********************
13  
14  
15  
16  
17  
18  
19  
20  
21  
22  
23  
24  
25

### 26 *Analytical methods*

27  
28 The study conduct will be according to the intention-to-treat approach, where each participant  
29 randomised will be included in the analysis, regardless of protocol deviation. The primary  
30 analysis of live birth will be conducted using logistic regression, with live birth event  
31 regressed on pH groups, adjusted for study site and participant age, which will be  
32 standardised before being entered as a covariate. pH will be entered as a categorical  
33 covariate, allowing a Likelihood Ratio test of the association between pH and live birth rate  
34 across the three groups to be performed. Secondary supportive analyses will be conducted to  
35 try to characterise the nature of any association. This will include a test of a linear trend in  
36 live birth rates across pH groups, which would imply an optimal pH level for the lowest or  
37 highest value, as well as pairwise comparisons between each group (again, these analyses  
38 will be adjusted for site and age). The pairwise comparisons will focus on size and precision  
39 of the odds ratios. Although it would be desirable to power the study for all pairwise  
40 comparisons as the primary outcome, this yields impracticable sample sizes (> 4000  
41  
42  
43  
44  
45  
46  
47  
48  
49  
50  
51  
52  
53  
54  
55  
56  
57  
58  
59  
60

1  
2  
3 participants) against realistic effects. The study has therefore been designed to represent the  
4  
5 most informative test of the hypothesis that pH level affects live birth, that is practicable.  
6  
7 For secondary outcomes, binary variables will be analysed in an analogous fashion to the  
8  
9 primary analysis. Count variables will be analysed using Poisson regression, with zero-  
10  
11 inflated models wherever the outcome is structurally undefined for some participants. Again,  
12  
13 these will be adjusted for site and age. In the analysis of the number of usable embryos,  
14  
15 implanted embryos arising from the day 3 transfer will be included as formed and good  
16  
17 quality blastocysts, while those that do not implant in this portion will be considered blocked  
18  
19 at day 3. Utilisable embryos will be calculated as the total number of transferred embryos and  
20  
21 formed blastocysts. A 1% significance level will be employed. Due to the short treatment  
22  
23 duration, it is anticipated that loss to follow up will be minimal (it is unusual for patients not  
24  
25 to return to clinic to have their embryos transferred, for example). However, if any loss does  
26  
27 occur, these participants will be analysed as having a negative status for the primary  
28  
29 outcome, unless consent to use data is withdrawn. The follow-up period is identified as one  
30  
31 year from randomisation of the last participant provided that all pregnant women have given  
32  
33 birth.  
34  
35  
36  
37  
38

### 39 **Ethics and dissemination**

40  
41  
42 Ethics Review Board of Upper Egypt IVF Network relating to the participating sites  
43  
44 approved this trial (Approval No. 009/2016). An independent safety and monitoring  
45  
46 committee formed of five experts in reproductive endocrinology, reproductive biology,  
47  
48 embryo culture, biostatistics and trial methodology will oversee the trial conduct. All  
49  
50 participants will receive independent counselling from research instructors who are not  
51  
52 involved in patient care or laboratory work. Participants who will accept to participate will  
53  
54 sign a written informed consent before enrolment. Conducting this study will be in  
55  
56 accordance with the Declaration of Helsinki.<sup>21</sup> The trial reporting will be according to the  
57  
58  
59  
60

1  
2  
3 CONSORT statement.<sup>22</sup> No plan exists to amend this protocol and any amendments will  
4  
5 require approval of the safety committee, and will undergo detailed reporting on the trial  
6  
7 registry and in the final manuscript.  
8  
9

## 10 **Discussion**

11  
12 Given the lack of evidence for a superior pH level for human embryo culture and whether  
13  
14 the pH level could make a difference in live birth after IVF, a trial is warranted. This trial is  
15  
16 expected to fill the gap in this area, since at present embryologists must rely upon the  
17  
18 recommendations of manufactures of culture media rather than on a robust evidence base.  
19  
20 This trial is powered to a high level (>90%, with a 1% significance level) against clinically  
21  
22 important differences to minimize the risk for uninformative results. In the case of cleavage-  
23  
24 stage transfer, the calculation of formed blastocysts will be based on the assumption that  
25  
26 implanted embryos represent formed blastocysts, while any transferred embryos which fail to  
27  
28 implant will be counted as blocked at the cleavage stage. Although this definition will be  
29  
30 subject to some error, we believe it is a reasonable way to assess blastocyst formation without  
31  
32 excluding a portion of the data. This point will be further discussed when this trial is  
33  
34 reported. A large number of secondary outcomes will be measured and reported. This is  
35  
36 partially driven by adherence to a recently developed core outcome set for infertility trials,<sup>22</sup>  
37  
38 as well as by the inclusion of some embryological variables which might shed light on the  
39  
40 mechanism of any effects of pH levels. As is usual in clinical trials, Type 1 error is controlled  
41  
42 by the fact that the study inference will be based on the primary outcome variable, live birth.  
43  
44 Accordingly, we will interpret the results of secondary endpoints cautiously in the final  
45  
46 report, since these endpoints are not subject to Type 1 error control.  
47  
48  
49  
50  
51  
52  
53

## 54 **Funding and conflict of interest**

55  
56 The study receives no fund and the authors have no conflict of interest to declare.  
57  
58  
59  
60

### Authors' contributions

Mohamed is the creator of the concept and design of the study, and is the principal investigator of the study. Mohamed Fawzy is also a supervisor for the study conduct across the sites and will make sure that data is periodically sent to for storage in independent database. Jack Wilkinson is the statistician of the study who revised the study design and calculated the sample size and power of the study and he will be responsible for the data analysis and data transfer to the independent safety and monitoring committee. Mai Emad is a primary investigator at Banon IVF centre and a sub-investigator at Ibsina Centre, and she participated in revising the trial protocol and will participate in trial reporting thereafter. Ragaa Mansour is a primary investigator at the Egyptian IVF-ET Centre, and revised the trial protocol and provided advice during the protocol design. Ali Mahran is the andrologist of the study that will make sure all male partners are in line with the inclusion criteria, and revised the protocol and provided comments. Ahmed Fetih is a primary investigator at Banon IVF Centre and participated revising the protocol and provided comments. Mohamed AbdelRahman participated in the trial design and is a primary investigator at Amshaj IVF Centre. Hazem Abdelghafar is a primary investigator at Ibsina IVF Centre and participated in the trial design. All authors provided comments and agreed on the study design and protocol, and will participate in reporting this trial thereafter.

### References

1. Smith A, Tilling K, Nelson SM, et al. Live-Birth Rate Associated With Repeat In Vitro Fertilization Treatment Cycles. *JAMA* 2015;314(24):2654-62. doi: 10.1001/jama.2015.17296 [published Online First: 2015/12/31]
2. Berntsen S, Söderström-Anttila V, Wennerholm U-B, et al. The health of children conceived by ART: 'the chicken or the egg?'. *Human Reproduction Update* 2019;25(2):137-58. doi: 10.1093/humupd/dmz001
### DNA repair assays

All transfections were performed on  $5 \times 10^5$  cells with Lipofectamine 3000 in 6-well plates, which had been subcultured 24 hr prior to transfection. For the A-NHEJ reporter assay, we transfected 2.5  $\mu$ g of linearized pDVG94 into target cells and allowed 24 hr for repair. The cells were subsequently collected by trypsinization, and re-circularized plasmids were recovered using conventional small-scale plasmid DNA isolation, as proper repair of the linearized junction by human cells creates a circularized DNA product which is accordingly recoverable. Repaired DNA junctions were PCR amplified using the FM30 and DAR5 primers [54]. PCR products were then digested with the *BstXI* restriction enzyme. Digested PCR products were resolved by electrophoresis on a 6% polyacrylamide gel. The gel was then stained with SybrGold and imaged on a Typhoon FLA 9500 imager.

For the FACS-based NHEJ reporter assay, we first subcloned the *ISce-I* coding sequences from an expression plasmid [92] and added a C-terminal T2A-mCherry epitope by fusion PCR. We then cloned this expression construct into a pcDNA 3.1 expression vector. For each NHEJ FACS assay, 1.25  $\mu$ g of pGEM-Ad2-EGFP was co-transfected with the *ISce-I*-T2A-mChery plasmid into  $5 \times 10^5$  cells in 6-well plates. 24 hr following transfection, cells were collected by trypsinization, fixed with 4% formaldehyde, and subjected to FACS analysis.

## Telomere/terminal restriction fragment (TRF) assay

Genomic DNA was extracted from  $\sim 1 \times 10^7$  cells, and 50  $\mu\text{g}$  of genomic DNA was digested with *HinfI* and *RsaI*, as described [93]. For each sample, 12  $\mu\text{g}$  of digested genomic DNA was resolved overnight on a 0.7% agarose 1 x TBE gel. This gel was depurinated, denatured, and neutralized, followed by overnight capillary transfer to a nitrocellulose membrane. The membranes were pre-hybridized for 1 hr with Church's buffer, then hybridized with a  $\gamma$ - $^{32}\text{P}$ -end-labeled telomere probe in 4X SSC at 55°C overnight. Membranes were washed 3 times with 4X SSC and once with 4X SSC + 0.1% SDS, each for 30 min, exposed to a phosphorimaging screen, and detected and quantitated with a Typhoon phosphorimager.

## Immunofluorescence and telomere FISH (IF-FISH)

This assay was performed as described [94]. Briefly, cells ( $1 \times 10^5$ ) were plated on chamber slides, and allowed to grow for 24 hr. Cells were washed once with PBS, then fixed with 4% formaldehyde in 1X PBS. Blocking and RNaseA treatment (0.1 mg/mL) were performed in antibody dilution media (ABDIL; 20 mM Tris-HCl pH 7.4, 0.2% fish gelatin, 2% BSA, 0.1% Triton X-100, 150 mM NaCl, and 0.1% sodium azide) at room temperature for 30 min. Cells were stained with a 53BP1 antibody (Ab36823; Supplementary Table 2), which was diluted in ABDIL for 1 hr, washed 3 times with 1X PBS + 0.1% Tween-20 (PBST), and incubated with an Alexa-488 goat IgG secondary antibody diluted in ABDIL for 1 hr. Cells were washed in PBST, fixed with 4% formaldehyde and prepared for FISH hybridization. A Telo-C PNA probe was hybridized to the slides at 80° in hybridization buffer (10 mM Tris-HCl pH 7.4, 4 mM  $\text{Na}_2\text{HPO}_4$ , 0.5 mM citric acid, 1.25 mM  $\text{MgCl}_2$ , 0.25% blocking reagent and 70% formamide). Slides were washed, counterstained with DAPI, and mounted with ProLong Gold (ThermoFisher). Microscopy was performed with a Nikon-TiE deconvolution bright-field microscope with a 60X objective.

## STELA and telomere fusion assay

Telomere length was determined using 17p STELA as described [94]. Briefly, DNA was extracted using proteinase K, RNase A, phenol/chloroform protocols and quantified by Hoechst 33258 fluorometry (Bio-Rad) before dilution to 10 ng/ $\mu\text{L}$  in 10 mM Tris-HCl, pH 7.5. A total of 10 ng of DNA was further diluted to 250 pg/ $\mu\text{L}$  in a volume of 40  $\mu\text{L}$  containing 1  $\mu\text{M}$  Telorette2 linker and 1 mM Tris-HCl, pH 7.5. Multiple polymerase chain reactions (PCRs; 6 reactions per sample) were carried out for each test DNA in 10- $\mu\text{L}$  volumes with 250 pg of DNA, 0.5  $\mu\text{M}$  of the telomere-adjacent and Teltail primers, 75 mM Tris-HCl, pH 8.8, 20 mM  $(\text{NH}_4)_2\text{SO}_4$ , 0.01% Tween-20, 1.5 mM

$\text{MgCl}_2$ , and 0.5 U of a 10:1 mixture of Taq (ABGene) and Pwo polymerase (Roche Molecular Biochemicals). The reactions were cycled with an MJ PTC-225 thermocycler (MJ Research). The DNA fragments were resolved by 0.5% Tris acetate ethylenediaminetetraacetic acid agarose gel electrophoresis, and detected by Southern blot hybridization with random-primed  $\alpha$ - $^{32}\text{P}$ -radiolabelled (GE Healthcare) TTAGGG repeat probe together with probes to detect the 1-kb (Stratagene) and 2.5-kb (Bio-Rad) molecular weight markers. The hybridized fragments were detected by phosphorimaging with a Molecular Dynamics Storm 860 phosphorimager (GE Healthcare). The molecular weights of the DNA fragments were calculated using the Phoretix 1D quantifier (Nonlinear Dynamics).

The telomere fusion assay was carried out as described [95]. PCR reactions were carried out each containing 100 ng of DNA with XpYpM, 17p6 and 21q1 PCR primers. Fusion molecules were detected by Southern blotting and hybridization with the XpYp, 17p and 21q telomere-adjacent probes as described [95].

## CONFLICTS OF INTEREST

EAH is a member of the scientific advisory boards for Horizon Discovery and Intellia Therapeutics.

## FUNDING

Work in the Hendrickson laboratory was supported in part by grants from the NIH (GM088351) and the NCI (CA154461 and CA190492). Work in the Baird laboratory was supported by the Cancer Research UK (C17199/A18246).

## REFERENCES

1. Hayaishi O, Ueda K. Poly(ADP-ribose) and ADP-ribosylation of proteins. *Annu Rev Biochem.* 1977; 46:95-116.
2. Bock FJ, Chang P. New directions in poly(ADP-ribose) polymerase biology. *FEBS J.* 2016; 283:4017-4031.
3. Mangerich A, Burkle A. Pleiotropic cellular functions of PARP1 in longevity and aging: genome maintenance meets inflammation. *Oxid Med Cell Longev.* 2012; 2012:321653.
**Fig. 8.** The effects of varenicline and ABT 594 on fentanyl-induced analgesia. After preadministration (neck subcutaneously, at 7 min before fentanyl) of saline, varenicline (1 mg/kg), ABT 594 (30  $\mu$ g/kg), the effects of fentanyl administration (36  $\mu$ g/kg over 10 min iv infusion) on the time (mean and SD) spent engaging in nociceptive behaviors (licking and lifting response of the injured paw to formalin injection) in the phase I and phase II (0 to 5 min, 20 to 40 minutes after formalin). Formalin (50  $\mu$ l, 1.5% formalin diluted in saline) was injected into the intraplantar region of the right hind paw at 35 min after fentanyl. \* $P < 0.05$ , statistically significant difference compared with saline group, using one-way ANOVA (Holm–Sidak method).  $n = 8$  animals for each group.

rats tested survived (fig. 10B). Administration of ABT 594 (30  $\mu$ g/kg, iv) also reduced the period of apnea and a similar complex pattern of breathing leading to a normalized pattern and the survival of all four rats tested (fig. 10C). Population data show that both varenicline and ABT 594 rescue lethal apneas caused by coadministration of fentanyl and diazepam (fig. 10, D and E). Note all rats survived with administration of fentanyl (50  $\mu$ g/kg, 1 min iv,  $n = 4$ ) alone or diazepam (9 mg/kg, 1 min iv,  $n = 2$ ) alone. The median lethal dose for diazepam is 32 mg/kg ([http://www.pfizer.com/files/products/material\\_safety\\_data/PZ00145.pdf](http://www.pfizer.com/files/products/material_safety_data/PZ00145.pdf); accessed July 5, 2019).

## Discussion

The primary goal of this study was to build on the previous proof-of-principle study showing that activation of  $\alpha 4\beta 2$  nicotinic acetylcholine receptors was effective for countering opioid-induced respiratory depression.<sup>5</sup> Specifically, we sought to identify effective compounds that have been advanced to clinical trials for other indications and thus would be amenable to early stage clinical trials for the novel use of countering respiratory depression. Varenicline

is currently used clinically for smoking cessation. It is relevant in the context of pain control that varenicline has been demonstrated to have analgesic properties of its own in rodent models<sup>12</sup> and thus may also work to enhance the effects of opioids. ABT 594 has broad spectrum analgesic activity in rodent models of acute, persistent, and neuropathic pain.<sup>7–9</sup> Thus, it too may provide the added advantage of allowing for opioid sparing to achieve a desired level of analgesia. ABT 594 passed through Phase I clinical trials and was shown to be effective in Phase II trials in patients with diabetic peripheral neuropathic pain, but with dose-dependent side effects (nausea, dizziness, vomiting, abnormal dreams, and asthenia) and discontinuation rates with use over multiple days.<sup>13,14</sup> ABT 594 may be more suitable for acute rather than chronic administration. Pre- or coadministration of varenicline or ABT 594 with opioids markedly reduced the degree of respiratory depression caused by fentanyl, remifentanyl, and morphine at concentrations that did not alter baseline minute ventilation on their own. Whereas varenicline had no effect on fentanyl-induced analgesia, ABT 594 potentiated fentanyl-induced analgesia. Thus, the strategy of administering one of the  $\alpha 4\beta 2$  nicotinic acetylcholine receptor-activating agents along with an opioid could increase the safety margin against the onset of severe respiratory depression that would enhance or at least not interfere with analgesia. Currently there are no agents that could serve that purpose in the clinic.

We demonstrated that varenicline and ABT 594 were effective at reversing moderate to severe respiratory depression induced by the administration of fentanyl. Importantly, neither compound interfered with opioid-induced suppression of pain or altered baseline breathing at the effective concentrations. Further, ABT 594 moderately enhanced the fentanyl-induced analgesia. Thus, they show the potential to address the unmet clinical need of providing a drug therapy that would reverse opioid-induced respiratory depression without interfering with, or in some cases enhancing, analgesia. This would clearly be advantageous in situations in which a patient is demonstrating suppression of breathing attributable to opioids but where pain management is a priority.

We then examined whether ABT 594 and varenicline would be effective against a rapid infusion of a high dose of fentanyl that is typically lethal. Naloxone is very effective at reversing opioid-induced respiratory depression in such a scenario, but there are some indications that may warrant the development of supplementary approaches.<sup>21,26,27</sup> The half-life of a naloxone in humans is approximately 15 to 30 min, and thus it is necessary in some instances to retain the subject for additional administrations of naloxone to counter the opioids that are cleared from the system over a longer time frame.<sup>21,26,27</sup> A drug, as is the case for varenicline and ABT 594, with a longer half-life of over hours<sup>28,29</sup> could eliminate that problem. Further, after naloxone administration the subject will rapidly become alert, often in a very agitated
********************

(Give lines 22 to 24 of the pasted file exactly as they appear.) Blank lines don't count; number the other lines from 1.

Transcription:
34 across the three groups to be performed. Secondary supportive analyses will be conducted to  
35 try to characterise the nature of any association. This will include a test of a linear trend in  
36 live birth rates across pH groups, which would imply an optimal pH level for the lowest or  